Friday, June 15, 2012

Around the Garden

As a random and unpaid garden writer, I don’t often have an opportunity – or a desire – to quote Donald Rumsfeld. Still, in his many years of public life, he did say one thing that has stayed with me: “…But there are also unknown unknowns -- the ones we don't know we don't know. And if one looks throughout the history of our country and other free countries, it is the latter category that tend to be the difficult ones.”

I often think of this quote when I read letters to the editor in newspapers, or comments appended to blog posts. The latter often exemplify the situation Rumsfeld was describing; charity dictates that we assume ignorance rather than malice or even duplicity on the part of the writers.

Obviously, most of us have areas of expertise, and certainly we all have areas of total ignorance. Unfortunately, the ease of posting a comment on-line causes many people to forget they have no knowledge of what they are writing about.

Lately, there has emerged a trend toward stifling some of these shoot-from-the-lip posters. Colin McEnroe recently stirred things up on his blog by banishing a commenter who posted one too many topical limericks. I never had the chance to read these, and cannot judge their quality, but I support McEnroe’s right to choose what gets published on his blog.

So what, you may ask, has this to do with gardening? 

The occasion of my meandering down this path was an article in another news blog this morning, which described some trees posted for removal on High Street in Middletown. And while the article did not describe these trees as I would have, the photograph told the story: these trees are nearly as dead as the Monty Python parrot.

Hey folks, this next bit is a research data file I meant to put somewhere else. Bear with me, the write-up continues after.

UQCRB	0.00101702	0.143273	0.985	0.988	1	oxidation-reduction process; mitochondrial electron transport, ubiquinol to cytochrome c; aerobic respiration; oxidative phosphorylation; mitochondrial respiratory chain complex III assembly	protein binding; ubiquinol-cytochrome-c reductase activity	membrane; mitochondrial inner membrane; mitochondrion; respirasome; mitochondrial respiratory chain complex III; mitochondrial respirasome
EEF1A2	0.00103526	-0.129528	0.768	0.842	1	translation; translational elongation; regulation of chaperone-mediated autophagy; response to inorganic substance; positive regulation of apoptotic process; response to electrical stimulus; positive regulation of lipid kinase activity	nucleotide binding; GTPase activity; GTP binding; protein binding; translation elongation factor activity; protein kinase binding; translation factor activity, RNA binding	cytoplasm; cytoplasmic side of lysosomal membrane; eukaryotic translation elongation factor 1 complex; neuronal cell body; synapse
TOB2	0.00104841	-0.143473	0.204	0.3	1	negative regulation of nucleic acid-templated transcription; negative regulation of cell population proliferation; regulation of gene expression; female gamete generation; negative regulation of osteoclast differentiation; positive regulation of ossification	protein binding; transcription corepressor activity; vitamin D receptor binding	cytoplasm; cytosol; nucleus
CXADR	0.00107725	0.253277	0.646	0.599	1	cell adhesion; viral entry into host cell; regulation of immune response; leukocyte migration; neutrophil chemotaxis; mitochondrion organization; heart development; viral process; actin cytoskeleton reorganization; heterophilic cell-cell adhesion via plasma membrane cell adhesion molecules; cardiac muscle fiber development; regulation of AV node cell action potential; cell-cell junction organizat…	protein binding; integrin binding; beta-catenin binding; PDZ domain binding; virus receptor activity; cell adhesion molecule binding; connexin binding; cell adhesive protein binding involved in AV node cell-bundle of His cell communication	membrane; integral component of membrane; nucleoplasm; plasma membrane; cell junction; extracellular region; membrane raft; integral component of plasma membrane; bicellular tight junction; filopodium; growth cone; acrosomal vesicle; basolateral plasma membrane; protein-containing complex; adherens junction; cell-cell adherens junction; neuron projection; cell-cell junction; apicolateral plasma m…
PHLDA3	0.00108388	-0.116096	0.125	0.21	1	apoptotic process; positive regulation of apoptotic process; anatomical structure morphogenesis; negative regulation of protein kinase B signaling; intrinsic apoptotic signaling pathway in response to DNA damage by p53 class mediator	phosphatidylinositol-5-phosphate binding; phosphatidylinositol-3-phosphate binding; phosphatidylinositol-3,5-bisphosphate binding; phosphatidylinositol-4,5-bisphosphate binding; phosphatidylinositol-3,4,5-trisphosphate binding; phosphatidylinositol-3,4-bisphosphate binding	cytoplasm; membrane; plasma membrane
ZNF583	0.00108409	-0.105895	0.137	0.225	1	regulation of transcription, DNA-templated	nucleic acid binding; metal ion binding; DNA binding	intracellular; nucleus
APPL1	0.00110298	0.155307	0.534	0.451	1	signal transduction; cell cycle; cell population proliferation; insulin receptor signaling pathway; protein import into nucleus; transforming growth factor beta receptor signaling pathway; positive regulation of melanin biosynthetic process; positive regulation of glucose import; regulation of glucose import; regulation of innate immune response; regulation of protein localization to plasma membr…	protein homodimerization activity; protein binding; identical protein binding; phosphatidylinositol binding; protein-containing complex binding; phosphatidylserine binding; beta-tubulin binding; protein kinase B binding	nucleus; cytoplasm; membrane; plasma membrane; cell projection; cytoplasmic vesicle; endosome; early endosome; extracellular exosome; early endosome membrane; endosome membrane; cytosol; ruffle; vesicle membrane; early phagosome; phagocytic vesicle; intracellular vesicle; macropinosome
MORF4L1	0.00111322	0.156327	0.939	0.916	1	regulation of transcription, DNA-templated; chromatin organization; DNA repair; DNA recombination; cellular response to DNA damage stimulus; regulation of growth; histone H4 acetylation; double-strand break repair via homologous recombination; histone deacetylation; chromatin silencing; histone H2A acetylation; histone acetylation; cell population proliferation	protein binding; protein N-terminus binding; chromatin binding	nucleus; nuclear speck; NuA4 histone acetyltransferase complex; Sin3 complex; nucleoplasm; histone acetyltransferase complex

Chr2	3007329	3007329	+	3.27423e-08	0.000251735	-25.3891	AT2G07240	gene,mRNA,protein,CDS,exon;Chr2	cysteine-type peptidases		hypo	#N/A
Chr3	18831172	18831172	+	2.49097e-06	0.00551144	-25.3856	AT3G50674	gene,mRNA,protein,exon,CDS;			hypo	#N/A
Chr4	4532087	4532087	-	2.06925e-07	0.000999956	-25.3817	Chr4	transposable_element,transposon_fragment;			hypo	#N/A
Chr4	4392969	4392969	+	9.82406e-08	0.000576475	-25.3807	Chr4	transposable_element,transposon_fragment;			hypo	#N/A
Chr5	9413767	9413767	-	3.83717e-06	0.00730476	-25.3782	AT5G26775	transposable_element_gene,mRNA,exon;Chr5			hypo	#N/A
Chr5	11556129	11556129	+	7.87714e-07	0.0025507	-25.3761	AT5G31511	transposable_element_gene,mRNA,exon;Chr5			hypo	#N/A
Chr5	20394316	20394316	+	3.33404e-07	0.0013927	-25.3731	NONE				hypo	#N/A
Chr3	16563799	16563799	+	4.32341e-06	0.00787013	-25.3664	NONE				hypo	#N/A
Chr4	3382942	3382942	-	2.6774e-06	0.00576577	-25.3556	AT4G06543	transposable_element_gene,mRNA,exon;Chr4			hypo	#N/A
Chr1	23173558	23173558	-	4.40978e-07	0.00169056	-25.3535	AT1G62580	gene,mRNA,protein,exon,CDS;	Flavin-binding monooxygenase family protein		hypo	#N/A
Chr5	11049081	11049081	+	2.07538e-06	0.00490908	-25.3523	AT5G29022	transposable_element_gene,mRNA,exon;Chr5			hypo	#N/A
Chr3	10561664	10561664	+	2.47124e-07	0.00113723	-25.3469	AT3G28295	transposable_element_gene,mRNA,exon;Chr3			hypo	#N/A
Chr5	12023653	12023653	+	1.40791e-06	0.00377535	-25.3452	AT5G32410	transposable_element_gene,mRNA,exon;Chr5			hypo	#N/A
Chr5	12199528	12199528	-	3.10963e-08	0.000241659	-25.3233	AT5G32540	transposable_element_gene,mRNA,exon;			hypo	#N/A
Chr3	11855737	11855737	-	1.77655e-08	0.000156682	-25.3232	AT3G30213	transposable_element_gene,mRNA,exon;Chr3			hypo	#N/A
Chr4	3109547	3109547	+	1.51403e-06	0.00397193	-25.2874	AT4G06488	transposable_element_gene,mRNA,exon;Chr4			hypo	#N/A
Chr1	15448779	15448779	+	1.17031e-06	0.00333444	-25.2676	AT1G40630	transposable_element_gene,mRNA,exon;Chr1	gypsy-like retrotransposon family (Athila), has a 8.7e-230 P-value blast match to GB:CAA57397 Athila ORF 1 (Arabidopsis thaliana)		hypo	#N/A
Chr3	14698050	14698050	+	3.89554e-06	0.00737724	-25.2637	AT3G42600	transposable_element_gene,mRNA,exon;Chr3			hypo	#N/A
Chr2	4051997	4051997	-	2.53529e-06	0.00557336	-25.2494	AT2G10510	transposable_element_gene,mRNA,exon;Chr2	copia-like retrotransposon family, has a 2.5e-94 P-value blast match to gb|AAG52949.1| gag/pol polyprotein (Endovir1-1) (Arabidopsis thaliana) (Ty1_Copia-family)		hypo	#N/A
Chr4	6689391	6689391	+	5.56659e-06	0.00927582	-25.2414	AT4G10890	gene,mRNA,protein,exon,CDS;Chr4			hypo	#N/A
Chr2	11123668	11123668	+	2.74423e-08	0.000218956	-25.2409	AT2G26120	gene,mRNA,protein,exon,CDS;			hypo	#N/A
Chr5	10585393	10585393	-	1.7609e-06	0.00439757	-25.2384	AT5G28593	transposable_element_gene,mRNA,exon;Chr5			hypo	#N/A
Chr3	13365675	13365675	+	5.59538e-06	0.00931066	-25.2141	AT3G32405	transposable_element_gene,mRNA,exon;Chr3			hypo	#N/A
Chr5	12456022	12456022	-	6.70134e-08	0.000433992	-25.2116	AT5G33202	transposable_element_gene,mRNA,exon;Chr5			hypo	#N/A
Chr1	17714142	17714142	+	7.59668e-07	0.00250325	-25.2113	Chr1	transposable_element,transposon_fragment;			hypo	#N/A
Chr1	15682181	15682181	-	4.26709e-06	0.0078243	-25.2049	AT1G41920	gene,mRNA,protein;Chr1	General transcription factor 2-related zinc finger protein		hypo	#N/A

A little background: On at least an annual basis, Middletown’s Tree Warden assembles a list of municipal trees to be removed; these trees are potential hazards to people or property. Almost always, they are trees that are dead or dying.

By State statute, this is the job of a Tree Warden. Tree Wardens receive technical training and certification from the Tree Wardens’ Association, the Urban Forestry Division of CT D.E.E.P. and the CT Tree Protective Association.

In Middletown, the next step in this process is to solicit bids from arborists to remove (or, in some cases, prune) trees on the list. But an important piece of the process is to “post” the trees, so that residents can protest their removal.

Any Tree Warden who has worked for more than a month at his or her job will tell you that the protest phase is uncomfortable. Tree removal is an emotional issue, even with trees that were planted by the City, not by homeowners.

To recall the “unknown unknowns,” a torrent of negative comments followed this article’s publication. One writer passionately wrote: “How heartbreaking to live in a world that has no sensitivity to the beauty of the Creator and how valuable beauty is.”  At the end of this litany, one writer actually went to look at the trees, and backed off from his criticism. The others, presumably satisfied at writing a furious comment, left it at that.

To all the outraged writers out there, let me say this: a dead or dying tree, especially one that weighs several tons, does not belong on a city street. People can be killed by neglected hazardous trees in parks or along streets and highways. Be glad Connecticut puts our safety first by requiring Tree Wardens.

If you love trees, plant some in your own yard. Lobby the City Council for a tree replacement line item in the budget. Use single-ply toilet paper. Recycle newspapers. Compost your leaves. Install a rain barrel or two to collect roof run-off. Do all the obvious things to conserve energy and reduce global climate change, because that’s the real killer of our trees.

1 comment:

KO: The Insect Collector said...

Well said! I think we don't often recognize that trees have a lifespan-- it can depend on the species, condition, health, environment and surroundings among other things.